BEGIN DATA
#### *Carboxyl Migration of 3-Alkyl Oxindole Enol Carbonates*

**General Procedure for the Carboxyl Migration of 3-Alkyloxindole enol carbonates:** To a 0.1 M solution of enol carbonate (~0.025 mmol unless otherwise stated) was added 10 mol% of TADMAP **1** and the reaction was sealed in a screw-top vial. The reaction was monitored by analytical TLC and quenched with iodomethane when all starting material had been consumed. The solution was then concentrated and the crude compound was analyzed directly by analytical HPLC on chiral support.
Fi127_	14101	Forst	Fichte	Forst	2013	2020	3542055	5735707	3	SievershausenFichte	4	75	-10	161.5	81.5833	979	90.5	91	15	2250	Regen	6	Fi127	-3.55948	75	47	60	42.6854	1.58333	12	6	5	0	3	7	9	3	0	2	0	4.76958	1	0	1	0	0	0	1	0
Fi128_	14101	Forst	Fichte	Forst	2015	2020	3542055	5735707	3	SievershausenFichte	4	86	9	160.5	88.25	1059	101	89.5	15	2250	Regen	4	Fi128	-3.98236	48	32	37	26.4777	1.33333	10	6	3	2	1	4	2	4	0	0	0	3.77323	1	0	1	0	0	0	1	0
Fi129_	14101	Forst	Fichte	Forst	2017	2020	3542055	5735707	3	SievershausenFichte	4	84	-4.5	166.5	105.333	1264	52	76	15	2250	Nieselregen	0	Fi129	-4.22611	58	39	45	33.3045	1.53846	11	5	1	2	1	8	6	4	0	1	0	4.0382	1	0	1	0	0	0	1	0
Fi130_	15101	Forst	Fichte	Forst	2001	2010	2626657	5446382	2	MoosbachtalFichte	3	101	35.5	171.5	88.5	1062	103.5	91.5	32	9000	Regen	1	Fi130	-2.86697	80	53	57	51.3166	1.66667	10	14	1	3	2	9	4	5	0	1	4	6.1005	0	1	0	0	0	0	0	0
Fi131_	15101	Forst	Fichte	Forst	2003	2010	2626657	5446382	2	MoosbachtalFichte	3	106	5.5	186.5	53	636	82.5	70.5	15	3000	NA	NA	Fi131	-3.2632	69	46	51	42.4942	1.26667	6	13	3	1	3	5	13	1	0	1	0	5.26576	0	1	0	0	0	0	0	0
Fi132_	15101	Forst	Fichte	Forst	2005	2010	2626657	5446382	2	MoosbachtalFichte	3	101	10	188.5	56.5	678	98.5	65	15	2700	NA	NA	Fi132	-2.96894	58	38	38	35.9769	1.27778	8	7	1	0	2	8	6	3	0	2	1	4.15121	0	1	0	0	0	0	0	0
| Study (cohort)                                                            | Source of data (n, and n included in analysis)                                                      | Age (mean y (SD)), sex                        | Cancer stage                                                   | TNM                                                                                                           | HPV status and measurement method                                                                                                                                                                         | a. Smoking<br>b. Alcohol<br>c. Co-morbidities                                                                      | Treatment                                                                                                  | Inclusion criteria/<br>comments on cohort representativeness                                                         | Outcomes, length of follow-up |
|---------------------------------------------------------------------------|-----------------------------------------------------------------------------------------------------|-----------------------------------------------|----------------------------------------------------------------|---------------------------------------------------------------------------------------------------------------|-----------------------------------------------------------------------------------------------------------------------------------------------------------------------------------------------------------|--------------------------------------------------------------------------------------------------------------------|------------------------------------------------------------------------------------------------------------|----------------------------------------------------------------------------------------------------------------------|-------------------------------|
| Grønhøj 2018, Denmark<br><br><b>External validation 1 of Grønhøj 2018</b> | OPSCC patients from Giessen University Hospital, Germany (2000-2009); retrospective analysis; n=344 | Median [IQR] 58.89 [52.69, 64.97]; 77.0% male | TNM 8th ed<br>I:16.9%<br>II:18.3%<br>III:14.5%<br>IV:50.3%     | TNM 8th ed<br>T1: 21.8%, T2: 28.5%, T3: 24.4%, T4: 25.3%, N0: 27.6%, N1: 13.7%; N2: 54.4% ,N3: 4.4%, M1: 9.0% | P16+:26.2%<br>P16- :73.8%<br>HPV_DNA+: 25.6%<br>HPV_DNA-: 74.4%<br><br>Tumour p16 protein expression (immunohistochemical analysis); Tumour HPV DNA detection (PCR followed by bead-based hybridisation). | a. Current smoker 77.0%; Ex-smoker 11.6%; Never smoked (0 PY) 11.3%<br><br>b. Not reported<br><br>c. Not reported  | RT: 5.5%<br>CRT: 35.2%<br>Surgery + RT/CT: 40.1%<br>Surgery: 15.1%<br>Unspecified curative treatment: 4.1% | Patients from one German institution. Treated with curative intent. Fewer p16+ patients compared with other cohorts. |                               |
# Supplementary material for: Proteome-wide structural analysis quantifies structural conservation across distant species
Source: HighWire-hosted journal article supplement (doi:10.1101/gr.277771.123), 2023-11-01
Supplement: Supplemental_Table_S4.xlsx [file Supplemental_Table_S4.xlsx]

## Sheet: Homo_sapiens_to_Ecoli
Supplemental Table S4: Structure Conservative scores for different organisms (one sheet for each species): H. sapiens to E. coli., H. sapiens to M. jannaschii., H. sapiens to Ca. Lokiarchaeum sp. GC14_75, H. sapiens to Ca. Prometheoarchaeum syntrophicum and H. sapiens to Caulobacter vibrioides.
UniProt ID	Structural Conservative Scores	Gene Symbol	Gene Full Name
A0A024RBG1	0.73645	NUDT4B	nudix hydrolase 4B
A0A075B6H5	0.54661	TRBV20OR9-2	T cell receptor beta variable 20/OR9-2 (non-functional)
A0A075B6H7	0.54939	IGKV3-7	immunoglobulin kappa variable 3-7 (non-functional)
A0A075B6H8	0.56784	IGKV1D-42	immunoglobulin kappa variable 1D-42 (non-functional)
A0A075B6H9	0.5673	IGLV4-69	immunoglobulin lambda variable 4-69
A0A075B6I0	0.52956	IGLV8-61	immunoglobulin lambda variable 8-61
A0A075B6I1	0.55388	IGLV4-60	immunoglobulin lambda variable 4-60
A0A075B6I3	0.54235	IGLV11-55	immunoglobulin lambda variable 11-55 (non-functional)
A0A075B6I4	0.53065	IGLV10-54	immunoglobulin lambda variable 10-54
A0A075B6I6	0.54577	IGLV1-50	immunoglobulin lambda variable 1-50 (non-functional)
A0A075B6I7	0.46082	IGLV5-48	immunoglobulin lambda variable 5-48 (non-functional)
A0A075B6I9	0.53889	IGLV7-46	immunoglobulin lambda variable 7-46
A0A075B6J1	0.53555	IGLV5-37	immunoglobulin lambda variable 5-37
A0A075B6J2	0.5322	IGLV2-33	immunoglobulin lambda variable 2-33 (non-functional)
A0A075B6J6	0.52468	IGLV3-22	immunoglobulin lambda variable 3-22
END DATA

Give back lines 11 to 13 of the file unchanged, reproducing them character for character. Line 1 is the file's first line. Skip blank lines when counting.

| Grønhøj 2018, Denmark<br><br><b>External validation 1 of Grønhøj 2018</b> | OPSCC patients from Giessen University Hospital, Germany (2000-2009); retrospective analysis; n=344 | Median [IQR] 58.89 [52.69, 64.97]; 77.0% male | TNM 8th ed<br>I:16.9%<br>II:18.3%<br>III:14.5%<br>IV:50.3%     | TNM 8th ed<br>T1: 21.8%, T2: 28.5%, T3: 24.4%, T4: 25.3%, N0: 27.6%, N1: 13.7%; N2: 54.4% ,N3: 4.4%, M1: 9.0% | P16+:26.2%<br>P16- :73.8%<br>HPV_DNA+: 25.6%<br>HPV_DNA-: 74.4%<br><br>Tumour p16 protein expression (immunohistochemical analysis); Tumour HPV DNA detection (PCR followed by bead-based hybridisation). | a. Current smoker 77.0%; Ex-smoker 11.6%; Never smoked (0 PY) 11.3%<br><br>b. Not reported<br><br>c. Not reported  | RT: 5.5%<br>CRT: 35.2%<br>Surgery + RT/CT: 40.1%<br>Surgery: 15.1%<br>Unspecified curative treatment: 4.1% | Patients from one German institution. Treated with curative intent. Fewer p16+ patients compared with other cohorts. |                               |
# Supplementary material for: Proteome-wide structural analysis quantifies structural conservation across distant species
Source: HighWire-hosted journal article supplement (doi:10.1101/gr.277771.123), 2023-11-01